Keywords: Grand Teton National Park ; Policy ; Pronghorn ; Protection ; Berrendo ; Parque Nacional Grand Teton ; Política ; Protección
    ISSN: 0888-8892
    E-ISSN: 1523-1739
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  • 6
    Language: English
    In: Conservation biology the journal of the Society for Conservation Biology, 2010, Vol.24(3), pp.891-896
    Description: In the United States, as elsewhere, a growing debate pits national energy policy and homeland security against biological conservation. In rural communities the extraction of fossil fuels is often encouraged because of the employment opportunities it offers, although the concomitant itinerant workforce is often associated with increased wildlife poaching. We explored possible positive and negative factors associated with energy extraction in the Greater Yellowstone Ecosystem (GYE), an area known for its national parks, intact biological diversity, and some of the New World's longest terrestrial migrations. Specifically, we asked whether counties with different economies--recreation (ski), agrarian (ranching or farming), and energy extractive (petroleum)--differed in healthcare (gauged by the abundance of hospital beds) and in the frequency of sexual predators. The absolute and relative frequency of registered sex offenders grew approximately two to three times faster in areas reliant on energy extraction. Healthcare among counties did not differ. The strong conflation of community dishevel, as reflected by in-migrant sexual predators, and ecological decay in Greater Yellowstone is consistent with patterns seen in similar systems from Ecuador to northern Canada, where social and environmental disarray exist around energy boomtowns. In our case, that groups (albeit with different aims) mobilized campaigns to help maintain the quality of rural livelihoods by protecting open space is a positive sign that conservation can matter, especially in the face of rampant and poorly executed energy extraction projects. Our findings further suggest that the public and industry need stronger regulatory action to instill greater vigilance when and where social factors and land conversion impact biological systems. ; Includes references ; p. 891-896.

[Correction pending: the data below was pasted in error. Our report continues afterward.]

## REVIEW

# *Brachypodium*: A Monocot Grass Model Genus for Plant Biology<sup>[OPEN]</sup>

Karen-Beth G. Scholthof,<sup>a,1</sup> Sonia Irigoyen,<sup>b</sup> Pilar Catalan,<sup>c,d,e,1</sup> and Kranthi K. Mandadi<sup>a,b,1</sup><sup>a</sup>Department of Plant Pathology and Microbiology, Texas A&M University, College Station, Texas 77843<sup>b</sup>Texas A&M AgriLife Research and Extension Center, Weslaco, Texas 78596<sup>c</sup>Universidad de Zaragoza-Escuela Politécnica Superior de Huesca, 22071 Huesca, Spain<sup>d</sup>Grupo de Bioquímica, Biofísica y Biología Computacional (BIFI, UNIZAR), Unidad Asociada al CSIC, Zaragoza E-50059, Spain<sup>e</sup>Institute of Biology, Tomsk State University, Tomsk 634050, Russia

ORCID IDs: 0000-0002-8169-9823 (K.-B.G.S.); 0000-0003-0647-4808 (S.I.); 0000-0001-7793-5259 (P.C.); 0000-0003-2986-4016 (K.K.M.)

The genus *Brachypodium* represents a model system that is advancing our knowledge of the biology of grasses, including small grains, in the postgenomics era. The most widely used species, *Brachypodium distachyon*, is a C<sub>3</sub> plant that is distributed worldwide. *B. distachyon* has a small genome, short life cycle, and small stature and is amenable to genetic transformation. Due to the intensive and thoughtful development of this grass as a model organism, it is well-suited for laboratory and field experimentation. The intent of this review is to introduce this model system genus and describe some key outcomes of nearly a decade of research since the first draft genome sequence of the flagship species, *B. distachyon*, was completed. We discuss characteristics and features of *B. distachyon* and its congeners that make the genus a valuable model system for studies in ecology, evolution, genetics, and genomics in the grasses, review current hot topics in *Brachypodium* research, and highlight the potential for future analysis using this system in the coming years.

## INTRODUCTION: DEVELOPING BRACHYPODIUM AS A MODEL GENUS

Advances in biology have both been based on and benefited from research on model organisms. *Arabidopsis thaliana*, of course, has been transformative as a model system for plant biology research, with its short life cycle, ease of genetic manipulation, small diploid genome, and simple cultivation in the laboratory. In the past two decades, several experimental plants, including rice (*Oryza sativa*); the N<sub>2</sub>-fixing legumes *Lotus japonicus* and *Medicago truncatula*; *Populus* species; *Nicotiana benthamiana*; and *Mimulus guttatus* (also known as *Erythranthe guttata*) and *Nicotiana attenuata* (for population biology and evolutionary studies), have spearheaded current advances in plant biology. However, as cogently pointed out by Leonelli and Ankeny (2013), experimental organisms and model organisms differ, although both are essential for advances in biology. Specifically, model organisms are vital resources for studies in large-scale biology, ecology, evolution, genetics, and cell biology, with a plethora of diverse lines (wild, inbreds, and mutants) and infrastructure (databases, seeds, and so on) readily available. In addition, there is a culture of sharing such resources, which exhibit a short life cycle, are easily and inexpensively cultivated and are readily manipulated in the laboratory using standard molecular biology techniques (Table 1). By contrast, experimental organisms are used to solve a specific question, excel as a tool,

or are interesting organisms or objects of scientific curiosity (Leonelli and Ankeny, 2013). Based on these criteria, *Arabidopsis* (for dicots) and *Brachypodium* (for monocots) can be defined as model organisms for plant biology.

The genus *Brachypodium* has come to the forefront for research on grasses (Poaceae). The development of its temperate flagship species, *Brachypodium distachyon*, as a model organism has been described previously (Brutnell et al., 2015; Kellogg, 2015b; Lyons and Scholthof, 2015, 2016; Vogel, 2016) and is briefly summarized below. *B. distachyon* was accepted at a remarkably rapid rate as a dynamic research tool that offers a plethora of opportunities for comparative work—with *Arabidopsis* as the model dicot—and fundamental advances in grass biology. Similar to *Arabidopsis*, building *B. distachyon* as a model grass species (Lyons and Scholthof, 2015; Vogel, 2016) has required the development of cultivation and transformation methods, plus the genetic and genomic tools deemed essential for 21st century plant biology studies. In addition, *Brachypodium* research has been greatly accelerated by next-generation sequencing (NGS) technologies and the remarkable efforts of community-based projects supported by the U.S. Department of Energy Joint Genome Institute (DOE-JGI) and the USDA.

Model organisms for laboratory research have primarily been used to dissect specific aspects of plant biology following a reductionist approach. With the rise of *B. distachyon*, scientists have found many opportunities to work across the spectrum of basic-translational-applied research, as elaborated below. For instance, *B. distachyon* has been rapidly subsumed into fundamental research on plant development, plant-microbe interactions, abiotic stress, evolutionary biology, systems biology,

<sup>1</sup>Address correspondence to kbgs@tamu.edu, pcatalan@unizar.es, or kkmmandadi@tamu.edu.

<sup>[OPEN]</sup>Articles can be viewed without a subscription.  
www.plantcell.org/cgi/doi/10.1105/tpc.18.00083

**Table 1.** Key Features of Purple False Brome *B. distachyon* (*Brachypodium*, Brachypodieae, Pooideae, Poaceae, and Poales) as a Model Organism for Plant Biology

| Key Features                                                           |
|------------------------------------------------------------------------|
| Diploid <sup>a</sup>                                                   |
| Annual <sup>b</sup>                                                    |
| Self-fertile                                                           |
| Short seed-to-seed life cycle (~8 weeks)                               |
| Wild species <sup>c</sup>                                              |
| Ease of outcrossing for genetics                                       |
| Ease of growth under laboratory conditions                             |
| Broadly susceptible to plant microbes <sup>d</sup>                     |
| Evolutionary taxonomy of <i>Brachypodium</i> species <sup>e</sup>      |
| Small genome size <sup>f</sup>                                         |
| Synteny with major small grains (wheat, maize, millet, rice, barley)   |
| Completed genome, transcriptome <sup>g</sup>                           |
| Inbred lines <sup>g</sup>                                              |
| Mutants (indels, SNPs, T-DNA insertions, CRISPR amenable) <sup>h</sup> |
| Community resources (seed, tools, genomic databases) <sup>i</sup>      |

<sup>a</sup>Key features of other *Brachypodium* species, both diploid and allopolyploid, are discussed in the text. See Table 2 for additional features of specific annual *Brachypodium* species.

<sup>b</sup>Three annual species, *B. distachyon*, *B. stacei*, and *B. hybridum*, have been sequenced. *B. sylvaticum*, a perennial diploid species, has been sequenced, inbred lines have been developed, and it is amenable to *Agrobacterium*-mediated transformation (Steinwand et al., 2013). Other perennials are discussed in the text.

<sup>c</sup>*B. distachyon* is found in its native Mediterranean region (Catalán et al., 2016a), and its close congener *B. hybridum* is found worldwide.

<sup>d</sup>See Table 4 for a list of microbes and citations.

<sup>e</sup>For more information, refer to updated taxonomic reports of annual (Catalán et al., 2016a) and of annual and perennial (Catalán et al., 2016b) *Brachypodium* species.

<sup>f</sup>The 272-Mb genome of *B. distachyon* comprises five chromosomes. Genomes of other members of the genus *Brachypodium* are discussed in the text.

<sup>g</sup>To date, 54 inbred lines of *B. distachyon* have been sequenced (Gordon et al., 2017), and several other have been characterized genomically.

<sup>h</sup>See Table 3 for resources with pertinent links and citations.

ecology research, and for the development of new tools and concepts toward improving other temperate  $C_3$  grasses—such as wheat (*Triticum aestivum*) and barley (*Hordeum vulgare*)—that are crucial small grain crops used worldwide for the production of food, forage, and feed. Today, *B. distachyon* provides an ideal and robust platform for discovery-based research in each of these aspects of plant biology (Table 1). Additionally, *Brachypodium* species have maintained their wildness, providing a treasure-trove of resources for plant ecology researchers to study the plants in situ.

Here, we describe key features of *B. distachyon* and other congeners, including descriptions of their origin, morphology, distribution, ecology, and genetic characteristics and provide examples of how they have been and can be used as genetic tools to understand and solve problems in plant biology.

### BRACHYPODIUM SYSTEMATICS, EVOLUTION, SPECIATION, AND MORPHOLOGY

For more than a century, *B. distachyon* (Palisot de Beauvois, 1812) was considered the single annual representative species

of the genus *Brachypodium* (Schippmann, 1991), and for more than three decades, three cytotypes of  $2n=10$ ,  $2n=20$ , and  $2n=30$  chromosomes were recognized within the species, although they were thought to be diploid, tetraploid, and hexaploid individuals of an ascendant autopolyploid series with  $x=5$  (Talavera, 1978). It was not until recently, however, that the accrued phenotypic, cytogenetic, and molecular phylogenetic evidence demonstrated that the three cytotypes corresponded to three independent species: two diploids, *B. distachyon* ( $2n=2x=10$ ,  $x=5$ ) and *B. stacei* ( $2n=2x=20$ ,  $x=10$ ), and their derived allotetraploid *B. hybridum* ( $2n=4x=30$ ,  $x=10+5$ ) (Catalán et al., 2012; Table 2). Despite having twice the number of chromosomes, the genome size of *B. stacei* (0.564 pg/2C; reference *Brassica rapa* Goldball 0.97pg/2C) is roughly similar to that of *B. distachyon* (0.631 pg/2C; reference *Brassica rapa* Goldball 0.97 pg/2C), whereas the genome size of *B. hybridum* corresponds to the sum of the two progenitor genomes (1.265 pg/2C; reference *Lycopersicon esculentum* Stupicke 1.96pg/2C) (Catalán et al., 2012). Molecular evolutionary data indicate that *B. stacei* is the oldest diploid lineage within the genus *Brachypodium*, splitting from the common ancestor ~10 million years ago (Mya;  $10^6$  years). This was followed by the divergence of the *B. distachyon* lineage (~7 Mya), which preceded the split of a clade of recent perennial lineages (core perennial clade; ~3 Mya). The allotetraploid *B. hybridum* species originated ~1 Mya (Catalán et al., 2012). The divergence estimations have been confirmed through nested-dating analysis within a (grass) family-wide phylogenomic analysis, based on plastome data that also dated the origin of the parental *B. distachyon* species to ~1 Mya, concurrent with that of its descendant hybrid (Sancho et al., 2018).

Keywords: Biodiversity ; Society ; Energy ; Migration ; Yellowstone ; Boomtowns ; Migrants ; Economy ; Sexual Predators
    ISSN: 0888-8892
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  • 7
    Language: Spanish
    In: Conservation Biology, October 2012, Vol.26(5), pp.769-777
    Description: Alces alcesp p p Ovibos moschatus
    Keywords: Conservation Policy ; Moose ; Muskoxen ; Orphans ; Overwinter Survival ; Photogrammetry ; Alce ; Buey Almizclero ; Fotogrametría ; Huérfanos ; Políticas De Conservación ; Supervivencia A La Hibernación
    ISSN: 0888-8892
    E-ISSN: 1523-1739
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  • 8
    Language: English
    In: Journal of Applied Physics, 15 December 2010, Vol.108(12)
    Description: The analytical Gaussian electron pulse propagation model of Michalik and Sipe [ J. Appl. Phys. 99 , 054908 ( 2006 )] is extended to include the action of external forces on the pulse. The resultant ability to simulate efficiently the effect of electron optical elements (e.g., magnetic lenses and radio-frequency cavities) allows for the rapid assessment of electron pulse delivery systems in time-resolved ultrafast electron diffraction and microscopy experiments.
    Keywords: Articles
    ISSN: 0021-8979
    E-ISSN: 1089-7550
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  • 9
    Language: English
    In: Biological Conservation, March 2012, Vol.147(1), pp.222-233